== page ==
Garden Lifestyle

Capsicum, Herb of the Year 2016

The International Herb Association has chosen Capsicum as Herb of the Year for 2016.

There is a purpose for every pepper. Some are good for pickling, while others are better for salsas or sauces. All of them are good eaten fresh and most of them dry well. Click on other pix to enlarge and read captions.
Photo/Illustration: Susan Belsinger

The International Herb Association has chosen Capsicum as Herb of the Year for 2016. I am a confessed chilehead and have been perusing seed catalogs for my favorite chiles, as well as for new selections (or new to me) to feature in this year’s garden beds. See my favorites below–and why they are thus so. Here’s to a hot and spicy year ahead!

Here are chiles that I feel are must haves that I cannot live without and I cultivate them every year:

1. Serranos–good all purpose heat and flavor; smaller and hotter than a jalapeño, eat green to red, fresh and dried.

2. Jalapeños–most common chile pepper in U.S.; can be not very hot to medium heat (when these are smoke-dried they are called chipotles).

3. Poblanos–range from mild heat to medium hot and have a great flavor when roasted and peeled (large heart-shaped peppers that are used for making chile rellenos; when dried they are called anchos).

4. ‘New Mexico’ or ‘Anaheim’ cultivars–made popular by Hatch chiles–these come mild, medium, hot and extra hot (these are the southwest green chiles which are roasted and peeled for making green chile sauce or allowed to turn red and hung on ristras). ‘New Mexico 6’ and ‘Big Jim’ are included here.

5. ‘Fish’ peppers–fairly recently reintroduced heirloom chile, about 2-inches long, starts out cream-colored with green striations, turns yellow to orange, then red, thin-walled; makes an excellent concentrated, fermented hot sauce like Tabasco.

Proceeding further in to the capsicum realm… I pretty much always grow:

6. Cayenne–long, thin red chile, great for drying and grinding to a powder; an essential on the spice rack.

7. Thai–small, pungent chiles, start geen and ripen to red, intense heat dissipates fairly quickly, use fresh or dries well.

8. Tabasco–trademarked by McIlhenny Company, this tall plant with small hot chiles starting green to yellow, then orange to red, chiles are used in making the famous Tabasco sauce; I grow them to ferment my own.

9. ‘Santa Fe Grande’–medium-size chile, medium to medium hot, can be eaten lime green, yellow or orange, matures to scarlet, good fresh, makes a good pickled pepper.

10. Paprika (both sweet and hot varieties)–these long thick-walled pods turn red and can be eaten fresh or are dried and ground for sweet paprika or half-sharp, both essential cooking ingredients.

11. ‘Lemon Drop’ or ‘Fatali’–two different varieties in shape and taste, though both have wrinkled yellow pods, fruity flavor, good and hot; personally I quite enjoy these cultivars.

12. Habanero or ‘Scotch Bonnet’–fruitlike flavor, very hot to incendiary, habs come in orange, red and chocolate colors nowadays.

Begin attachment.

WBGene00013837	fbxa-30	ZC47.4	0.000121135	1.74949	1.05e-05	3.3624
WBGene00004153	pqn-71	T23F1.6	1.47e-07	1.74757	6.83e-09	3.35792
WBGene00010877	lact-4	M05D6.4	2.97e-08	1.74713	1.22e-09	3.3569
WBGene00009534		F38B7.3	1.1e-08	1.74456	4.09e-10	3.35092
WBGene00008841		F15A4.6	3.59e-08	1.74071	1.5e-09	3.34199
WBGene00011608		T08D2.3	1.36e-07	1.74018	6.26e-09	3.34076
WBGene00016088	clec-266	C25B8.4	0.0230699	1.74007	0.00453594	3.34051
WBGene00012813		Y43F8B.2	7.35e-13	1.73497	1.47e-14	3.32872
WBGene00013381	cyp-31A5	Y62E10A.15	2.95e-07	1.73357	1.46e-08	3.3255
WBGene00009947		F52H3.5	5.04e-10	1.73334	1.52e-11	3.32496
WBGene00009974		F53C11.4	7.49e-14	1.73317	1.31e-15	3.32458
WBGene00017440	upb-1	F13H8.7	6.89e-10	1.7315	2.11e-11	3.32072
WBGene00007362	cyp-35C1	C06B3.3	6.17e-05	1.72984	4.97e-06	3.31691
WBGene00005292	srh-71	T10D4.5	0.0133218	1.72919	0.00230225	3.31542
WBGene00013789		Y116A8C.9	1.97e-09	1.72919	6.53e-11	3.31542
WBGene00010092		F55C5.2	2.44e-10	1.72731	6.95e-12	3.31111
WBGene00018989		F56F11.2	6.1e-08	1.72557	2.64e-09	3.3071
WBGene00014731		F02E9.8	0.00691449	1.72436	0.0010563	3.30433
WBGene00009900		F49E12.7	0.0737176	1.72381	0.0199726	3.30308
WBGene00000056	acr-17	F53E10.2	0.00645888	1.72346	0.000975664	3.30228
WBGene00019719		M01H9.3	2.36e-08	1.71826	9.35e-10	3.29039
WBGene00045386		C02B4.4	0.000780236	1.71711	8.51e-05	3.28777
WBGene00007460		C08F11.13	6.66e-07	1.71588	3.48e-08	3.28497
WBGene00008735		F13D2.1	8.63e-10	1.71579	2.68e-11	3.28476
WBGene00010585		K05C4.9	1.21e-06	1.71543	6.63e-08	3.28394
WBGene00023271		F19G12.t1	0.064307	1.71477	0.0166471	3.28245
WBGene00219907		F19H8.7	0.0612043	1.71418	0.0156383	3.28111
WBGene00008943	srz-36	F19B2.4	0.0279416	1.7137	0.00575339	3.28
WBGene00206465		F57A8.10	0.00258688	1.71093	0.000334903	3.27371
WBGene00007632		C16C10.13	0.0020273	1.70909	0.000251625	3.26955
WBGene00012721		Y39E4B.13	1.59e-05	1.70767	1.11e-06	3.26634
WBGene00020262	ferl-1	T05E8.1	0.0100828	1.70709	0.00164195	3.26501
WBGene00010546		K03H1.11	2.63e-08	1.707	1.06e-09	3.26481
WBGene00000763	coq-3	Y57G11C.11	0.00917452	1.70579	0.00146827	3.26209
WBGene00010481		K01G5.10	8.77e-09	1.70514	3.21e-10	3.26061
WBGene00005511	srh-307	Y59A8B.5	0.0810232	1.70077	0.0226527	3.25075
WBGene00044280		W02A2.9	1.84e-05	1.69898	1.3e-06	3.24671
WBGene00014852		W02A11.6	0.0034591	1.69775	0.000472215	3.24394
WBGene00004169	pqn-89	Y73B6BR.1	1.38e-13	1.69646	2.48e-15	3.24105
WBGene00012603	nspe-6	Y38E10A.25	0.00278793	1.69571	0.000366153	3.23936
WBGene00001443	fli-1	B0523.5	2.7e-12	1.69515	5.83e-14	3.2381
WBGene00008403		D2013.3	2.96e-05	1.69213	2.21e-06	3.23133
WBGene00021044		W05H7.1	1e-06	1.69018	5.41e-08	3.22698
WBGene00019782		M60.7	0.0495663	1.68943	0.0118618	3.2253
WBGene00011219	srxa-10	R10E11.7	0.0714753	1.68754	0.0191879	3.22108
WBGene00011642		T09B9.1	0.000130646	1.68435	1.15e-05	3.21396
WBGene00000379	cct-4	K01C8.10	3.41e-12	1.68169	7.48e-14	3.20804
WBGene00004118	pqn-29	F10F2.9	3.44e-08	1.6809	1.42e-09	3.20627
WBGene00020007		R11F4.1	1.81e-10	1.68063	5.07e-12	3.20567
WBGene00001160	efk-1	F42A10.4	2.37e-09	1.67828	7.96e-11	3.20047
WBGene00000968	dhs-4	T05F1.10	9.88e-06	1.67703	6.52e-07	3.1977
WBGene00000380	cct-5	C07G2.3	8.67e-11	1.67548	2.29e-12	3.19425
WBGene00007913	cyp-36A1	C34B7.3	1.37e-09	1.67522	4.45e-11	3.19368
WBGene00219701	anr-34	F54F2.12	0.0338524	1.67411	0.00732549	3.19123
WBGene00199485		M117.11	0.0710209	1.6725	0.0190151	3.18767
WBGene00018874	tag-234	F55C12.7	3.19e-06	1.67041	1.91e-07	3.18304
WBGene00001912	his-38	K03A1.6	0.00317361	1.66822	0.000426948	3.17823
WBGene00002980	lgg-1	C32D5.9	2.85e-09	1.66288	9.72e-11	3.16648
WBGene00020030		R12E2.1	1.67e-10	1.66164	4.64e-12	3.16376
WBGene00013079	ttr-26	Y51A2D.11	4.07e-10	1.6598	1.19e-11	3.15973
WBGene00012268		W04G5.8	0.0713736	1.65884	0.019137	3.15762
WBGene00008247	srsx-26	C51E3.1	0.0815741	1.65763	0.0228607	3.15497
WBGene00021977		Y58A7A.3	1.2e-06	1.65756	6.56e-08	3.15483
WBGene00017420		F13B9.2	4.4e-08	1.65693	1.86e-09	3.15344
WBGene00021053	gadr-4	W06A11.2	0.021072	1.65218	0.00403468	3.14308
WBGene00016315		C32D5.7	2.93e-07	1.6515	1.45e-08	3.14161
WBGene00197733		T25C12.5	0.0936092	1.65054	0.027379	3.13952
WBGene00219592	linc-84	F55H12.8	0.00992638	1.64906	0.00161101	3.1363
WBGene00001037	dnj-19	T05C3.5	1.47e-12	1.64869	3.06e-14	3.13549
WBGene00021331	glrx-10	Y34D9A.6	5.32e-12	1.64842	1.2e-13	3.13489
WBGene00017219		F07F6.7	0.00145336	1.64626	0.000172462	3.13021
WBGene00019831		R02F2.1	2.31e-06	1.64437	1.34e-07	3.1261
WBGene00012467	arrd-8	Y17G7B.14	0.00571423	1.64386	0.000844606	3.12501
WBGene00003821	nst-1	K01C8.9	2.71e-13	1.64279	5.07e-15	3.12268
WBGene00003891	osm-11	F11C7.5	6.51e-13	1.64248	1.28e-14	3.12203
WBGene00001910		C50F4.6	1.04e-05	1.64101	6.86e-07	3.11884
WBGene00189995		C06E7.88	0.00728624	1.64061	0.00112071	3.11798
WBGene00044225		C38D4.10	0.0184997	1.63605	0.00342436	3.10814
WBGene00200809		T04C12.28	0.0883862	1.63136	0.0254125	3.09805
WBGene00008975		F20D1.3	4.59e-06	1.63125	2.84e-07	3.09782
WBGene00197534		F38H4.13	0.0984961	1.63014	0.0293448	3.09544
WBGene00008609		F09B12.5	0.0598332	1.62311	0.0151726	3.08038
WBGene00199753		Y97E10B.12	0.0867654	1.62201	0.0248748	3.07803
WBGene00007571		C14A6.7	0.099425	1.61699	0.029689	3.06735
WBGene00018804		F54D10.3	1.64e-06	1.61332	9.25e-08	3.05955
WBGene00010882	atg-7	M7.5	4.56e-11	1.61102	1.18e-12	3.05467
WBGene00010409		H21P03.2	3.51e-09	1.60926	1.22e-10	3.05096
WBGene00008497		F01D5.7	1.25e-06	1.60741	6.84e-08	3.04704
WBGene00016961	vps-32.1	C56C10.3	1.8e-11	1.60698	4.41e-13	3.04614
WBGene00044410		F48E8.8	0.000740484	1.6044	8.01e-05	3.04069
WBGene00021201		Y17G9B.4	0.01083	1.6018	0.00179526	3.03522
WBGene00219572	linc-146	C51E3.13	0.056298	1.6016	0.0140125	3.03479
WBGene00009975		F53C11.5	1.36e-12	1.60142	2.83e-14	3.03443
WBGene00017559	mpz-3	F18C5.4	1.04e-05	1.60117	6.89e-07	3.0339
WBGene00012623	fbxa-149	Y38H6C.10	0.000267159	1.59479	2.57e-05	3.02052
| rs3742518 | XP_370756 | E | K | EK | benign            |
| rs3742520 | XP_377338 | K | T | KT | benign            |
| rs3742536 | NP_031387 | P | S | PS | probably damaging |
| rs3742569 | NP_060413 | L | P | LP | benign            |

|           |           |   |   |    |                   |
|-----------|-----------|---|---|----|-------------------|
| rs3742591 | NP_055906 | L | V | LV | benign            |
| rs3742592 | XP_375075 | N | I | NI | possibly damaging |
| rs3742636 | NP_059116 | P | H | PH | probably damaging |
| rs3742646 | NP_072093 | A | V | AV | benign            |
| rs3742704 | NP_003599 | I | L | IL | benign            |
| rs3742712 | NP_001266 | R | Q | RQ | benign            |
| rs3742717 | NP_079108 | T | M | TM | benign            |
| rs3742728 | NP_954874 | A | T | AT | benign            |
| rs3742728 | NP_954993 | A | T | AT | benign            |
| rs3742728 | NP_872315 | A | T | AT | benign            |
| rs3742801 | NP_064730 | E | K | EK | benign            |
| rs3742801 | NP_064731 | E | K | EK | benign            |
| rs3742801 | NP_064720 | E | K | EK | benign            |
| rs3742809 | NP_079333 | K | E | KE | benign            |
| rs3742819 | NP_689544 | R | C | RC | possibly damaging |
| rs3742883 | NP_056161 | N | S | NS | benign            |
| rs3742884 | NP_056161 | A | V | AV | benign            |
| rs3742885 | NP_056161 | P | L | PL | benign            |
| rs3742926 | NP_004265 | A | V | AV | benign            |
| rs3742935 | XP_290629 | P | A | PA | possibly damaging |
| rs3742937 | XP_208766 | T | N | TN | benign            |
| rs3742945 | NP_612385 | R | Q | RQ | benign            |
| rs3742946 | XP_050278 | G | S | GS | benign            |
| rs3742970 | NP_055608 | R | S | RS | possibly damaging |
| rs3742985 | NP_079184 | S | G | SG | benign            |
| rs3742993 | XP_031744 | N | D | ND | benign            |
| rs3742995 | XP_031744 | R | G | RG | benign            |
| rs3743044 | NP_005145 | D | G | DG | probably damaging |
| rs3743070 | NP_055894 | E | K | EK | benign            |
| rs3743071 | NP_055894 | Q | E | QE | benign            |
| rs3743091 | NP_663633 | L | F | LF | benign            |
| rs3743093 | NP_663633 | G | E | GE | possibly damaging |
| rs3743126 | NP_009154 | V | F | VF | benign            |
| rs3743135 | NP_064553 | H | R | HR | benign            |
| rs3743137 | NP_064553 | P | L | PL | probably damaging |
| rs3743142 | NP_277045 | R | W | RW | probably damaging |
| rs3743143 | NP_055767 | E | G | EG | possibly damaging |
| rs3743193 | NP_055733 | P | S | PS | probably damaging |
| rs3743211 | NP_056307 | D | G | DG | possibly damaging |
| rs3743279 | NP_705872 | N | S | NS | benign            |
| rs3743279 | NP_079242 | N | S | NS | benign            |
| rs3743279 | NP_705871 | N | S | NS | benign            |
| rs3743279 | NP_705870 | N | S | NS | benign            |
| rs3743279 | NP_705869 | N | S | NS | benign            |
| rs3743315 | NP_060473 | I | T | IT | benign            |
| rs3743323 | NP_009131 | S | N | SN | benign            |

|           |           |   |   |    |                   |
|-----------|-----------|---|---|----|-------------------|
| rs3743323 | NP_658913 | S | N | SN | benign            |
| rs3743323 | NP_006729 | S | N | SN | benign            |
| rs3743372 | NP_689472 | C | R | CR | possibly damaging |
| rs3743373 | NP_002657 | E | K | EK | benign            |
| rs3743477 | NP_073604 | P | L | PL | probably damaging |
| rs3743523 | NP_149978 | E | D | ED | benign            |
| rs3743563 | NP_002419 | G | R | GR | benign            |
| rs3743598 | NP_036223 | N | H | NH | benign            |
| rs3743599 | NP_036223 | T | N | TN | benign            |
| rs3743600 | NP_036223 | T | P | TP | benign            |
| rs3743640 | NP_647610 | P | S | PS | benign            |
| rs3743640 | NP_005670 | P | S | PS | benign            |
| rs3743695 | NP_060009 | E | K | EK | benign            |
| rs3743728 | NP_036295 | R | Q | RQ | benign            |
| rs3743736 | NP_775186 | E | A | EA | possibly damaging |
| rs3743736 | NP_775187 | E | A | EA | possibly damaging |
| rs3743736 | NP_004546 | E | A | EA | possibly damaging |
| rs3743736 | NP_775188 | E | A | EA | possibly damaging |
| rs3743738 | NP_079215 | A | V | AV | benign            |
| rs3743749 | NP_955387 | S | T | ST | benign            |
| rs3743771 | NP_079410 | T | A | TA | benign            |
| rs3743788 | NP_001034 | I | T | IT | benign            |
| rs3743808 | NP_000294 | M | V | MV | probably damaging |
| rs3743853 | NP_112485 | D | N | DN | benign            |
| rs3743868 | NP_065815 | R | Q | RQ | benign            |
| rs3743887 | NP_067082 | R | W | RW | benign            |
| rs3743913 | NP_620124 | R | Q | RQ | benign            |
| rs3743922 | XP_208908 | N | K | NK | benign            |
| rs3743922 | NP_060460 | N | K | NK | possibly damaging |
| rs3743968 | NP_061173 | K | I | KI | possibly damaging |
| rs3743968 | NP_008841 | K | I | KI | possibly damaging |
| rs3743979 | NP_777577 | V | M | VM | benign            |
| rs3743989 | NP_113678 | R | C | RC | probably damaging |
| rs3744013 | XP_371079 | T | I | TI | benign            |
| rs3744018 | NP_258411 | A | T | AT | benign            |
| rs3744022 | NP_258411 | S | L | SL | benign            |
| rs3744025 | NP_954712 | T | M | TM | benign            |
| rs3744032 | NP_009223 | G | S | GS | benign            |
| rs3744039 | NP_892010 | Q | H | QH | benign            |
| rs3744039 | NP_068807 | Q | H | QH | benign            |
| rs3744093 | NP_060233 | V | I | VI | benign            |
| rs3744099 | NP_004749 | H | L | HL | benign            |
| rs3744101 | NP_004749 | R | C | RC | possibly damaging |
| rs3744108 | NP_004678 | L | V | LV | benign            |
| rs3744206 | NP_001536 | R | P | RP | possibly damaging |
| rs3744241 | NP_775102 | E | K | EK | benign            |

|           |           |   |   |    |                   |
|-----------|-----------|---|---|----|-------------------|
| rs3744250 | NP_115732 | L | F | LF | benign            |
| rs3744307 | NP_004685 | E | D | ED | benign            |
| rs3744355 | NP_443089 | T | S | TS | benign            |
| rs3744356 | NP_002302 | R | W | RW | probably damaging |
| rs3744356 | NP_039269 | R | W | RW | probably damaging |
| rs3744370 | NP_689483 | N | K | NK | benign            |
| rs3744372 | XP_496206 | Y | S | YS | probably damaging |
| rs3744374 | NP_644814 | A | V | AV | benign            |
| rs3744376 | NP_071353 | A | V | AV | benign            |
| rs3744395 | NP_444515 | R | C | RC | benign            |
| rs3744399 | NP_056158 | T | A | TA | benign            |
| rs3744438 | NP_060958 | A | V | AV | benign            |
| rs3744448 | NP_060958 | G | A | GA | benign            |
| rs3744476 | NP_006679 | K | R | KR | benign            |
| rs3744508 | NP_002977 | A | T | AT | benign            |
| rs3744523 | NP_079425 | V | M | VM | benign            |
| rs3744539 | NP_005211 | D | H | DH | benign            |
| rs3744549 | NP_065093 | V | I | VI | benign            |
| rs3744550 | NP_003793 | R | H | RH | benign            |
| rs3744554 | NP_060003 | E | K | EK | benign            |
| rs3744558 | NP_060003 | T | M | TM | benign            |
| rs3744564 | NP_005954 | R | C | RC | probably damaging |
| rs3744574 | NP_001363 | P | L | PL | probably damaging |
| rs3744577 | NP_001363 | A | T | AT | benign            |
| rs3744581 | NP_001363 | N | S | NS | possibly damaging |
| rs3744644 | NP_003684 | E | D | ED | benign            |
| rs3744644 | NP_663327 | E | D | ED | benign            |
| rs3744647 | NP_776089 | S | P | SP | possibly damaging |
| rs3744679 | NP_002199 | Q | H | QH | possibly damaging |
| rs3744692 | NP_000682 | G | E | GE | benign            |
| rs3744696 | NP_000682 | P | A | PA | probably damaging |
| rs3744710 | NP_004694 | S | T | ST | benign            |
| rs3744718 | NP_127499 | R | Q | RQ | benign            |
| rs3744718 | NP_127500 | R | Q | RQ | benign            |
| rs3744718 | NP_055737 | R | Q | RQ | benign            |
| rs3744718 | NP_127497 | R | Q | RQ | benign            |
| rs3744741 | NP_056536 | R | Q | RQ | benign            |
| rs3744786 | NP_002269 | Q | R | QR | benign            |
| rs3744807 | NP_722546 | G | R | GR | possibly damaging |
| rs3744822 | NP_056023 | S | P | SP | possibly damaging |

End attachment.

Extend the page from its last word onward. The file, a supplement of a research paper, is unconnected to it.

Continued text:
Some others that I quite like:

13. Rocoto–this small, ovoid, thick-walled chile turns from green to red, and becomes fruity and a perfect pungency; it is quickly becoming a favorite selection for me (has black seeds!).

14. Tepin and Pequin are closely related and quite small in size, though the tepin is round in shape and the pequin is oval and a bit longer, they are both very hot to fiery (these are the little tiny bird peppers which have naturalized in our American Southwest).

15. Guajillo–this medium-size chile turns from golden green to brownish orange, subtle and fruity, though pungent; it is sometimes called mirasol or aji; I like it cooked in sauces and soups and use it dried and ground.

I have not by any means begun to cover the infinite variety of chile cultivars here–just giving you an idea of a few that you might want to grow depending upon how much space you have.


There are constantly old heirlooms resurfacing and new varieties being introduced. Currently, it seems the rage is to grow the hottest pepper on earth and there are some out there now that are hotter than incendiary–and the seeds are sold with a warning. ‘Ghost pepper’ or ‘Jhut Bolokia’, ‘Scorpion’, ‘Trinidad Scorpion’, ‘Carolina Reaper’ are a few of these dynamite pods–if you are an aficionado of really hot peppers–you might like to try any of the aforementioned. Forwarned is forearmed! I enjoy hot chiles… even ringing in my ears and a full body rush, however, I do not want to be incapacitated. I have sampled a few of the aforementioned and I must admit I dried some ghost peppers and ground them to combine a small amount with sea salt and it is a tasty, hot condiment; a pinch will spark and ignite any dish.

On these cold winter days, it’s a good time to stir some hot peppers into your beans or soup pot and sit with the incoming catalogs and dream about our gardens to be. I’m ordering chile seeds now–I’ll post some catalogs and chiles-to-try in my next blog.

There are still some copies of The Chile Pepper Calendar 2016 left and they are on sale on my website for half price! They are full of information on cultivation, harvesting, and preserving, not to mention favorite recipes.




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